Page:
The merger between banks would be one of the profound solutions when it comes to such problems as the combined power of such banks can easily drive the toxic portfolios out. The even distribution of the idle money can also help to further facilitate growth.
Leading banks have now shifted focus from money lending to providing banking solutions and the business in Bangladesh has scaled up greatly as a whole. Prime Bank now plays an advisory role alongside. Rahel elaborates upon this role, “As the corporates are getting larger they are requiring more treasury management; thus, Prime Bank also provides cash management solutions alongside. The bank also gives 360-degree solutions, taking care of the trade financing and trade solution services. Export Credit Agency (ECA) financing and supply chain management solutions also form a part of the bank’s portfolio now. We are not only lending money now but also supporting the SME growth by offering end to end solutions towards the suppliers and distributors of our large corporate clients.”
Ahmed also details on how the agro-based industries and Small Medium Enterprises (SMEs) are yet to have proper access to the commercial banks as the banks have yet to increase their reach regarding the agro-based industries and SMEs, “The Central Bank has now made it mandatory for banks to dedicate a certain percentage of their services to the agro-based industries. Prime Bank is performing well in that line directly as well as by affiliation with NGOs to reduce the barrier when it comes to reaching consumers residing in the very remote rural areas.”
In regards to the rising concerns about cyber heist Rahel elaborates that it has greatly increased alongside the use of IT in almost every sector in Bangladesh, “Prime Bank has upgraded their IT system to its latest version. Constant security checks and assessments make the system quite reliable. As a part of security measure we have also hired IT specialists often termed as “ethical hackers” who continuously monitor and fix loopholes that exist in the current system.”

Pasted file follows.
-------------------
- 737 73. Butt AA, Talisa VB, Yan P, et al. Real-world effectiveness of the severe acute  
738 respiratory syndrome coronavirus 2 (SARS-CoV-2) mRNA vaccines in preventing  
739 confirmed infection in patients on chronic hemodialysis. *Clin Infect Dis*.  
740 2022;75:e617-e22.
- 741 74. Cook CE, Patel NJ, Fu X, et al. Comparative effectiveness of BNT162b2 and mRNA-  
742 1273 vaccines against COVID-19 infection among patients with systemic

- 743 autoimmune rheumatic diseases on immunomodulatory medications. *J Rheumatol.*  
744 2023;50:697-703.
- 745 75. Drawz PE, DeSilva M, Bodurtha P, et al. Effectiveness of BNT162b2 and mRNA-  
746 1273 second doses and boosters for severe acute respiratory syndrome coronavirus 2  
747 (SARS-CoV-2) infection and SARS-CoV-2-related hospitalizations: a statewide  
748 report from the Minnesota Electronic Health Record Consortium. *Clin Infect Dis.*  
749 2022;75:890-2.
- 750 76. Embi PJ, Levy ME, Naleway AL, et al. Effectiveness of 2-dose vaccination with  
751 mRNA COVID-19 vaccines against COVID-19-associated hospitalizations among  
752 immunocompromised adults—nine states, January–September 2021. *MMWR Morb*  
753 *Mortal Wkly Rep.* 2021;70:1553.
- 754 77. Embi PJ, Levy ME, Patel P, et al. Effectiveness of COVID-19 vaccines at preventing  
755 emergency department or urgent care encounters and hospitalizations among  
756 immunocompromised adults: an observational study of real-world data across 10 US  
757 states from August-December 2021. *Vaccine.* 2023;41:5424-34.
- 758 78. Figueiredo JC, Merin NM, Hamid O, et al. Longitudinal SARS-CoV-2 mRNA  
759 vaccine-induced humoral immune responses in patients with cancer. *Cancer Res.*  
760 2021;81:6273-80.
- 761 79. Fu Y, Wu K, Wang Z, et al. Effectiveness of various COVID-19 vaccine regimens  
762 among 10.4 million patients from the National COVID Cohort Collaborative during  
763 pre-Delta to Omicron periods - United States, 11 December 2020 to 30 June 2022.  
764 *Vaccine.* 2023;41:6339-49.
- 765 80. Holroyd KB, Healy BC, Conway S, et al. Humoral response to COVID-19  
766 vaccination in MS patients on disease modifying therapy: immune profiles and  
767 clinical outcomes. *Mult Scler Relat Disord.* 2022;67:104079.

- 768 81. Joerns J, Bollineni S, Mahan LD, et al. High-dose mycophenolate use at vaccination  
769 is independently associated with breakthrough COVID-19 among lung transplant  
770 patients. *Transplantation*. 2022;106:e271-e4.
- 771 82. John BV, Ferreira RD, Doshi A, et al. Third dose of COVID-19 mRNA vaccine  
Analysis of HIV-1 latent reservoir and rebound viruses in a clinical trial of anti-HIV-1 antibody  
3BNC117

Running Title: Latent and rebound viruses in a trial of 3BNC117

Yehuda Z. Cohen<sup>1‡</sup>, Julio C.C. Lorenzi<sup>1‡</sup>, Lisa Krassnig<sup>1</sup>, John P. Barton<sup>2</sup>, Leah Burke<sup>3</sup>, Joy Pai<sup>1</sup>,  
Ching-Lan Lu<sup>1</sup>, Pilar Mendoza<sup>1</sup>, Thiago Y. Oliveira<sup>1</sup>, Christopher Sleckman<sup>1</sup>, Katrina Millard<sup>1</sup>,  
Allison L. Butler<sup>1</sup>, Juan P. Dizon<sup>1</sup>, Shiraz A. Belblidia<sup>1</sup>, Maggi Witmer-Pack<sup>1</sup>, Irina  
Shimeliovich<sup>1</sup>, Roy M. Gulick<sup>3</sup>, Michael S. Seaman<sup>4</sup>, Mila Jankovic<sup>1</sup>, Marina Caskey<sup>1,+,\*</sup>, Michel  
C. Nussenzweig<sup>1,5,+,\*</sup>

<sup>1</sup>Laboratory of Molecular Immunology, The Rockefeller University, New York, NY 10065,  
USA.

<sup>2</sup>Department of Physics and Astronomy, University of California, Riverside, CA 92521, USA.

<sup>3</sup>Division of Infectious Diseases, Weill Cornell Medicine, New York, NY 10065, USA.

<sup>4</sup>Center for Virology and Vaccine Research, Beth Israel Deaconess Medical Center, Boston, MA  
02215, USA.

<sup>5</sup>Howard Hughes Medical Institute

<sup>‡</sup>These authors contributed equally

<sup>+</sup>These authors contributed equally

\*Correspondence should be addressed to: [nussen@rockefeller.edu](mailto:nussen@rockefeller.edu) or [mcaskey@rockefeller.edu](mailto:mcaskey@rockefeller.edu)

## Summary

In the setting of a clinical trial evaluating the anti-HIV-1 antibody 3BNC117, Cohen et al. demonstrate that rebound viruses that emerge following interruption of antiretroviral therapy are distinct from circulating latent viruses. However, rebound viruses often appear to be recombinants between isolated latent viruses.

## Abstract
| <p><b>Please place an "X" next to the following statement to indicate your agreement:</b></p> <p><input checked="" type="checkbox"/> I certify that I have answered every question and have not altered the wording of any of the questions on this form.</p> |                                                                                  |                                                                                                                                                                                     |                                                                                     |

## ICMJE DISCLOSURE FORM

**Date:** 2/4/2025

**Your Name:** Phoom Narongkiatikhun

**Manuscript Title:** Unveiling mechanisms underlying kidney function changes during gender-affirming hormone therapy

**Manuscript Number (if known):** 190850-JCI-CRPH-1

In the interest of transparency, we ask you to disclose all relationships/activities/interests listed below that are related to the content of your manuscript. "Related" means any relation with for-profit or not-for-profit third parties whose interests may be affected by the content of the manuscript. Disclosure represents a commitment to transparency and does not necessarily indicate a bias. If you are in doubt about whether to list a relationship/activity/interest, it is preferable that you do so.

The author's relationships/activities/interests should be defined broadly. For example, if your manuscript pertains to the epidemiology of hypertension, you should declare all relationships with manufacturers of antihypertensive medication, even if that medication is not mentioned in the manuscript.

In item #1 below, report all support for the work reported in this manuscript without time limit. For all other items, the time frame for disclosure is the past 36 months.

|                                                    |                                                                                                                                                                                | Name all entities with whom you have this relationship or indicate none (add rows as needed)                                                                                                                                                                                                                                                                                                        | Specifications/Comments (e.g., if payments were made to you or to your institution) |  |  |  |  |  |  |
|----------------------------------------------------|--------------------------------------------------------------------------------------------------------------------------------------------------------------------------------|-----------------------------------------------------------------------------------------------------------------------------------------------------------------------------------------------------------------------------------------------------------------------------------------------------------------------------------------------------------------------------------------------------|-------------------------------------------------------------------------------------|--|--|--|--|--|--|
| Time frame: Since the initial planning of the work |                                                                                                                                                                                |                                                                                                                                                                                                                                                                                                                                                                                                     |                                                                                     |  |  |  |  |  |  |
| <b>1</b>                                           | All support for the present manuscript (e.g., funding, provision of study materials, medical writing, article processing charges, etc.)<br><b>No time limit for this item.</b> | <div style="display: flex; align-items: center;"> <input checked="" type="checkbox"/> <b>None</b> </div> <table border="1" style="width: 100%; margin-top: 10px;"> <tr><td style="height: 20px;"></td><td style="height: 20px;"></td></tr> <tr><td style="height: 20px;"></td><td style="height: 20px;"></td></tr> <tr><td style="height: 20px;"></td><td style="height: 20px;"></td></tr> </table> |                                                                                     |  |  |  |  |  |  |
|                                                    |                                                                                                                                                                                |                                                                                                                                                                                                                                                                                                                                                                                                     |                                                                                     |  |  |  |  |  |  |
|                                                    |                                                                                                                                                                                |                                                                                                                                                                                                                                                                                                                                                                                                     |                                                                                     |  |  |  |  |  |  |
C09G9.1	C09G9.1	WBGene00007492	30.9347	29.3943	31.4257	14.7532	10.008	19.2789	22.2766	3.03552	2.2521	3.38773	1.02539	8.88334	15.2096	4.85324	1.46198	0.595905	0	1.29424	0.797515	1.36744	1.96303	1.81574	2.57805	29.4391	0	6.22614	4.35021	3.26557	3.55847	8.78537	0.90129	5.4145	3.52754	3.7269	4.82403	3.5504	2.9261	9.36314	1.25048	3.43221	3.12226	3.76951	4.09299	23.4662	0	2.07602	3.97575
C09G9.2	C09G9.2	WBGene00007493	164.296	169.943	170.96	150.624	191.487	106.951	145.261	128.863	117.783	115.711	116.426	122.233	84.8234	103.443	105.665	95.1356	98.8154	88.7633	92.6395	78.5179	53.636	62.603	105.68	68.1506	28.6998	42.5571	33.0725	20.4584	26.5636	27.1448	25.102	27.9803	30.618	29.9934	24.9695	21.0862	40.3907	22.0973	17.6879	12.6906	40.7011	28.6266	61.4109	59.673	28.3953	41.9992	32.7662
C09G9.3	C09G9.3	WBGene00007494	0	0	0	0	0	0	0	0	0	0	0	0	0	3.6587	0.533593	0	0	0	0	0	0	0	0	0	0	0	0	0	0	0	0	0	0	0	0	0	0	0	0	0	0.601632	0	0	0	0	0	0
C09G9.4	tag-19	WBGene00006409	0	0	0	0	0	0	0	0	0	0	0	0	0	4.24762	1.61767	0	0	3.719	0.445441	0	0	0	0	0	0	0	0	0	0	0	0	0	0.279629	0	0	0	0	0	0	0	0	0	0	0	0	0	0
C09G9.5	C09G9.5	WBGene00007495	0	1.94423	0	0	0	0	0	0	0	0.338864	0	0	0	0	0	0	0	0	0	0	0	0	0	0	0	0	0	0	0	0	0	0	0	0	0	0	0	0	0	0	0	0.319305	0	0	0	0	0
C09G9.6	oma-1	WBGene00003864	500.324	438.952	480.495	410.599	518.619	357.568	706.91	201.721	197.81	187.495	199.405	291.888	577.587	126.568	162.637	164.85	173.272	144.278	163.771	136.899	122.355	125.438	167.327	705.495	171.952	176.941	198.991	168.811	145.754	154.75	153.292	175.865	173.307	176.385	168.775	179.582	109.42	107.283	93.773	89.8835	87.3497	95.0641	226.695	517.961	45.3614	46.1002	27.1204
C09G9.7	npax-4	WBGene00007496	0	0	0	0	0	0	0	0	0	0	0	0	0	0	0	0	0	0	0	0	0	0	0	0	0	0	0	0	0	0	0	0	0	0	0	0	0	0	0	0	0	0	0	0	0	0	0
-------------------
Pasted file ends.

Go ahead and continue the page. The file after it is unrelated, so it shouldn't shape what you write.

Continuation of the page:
Rahel takes the last sip of his coffee. He mentions that the core banking system of the local banks are almost at par with those existing worldwide. However, in terms of product offering and solution based banking, Bangladesh is catching up. He ends on a hopeful note mentioning a new higher-class segment of the population is predicted to come into the scene very soon which will require wealth management services like the way it happens in the western world, increasing the demand for banking services further.
Rahel illustrates how local banks are in a race to match the global pace:
If we talk about globalization, Bangladesh’s economy has evolved greatly in the past two decades, and the banks here are no exceptions to that globally. They may definitely not be on par with the multinational ones who have stronger system and support back up but are adapting quite well to the changes in the consumer demand pattern. Being a private local bank, Prime Bank has limitations when it comes to investing in systems at a scale in which multinationals do, but the reach of technology within the limitations these days have made our operations grow extensively.
When talking about process, there is no doubt that the garment industry has made the most progress in that sector. However, the banking sector alongside has come beyond the use of traditional methods of banking to a more integrated system that allows the process to be quicker resulting in more satisfied customers. Most of the leading local banks here have roughly 80% of the products and services available globally, and the changing demand is now being met more often than usual.
If we are to talk about Bangladesh, specifically from the corporate banking perspective, I would say that in the past 7 to 10 years this sector has become more mature. We have come past the use of the basic trade-finance, plain vanilla, products and are now more inclined towards commercial banking and issuing of bonds. ECA financing has also been introduced to support the power generation issues, and it will not be long when you see Islamic Sukuk being introduced as well.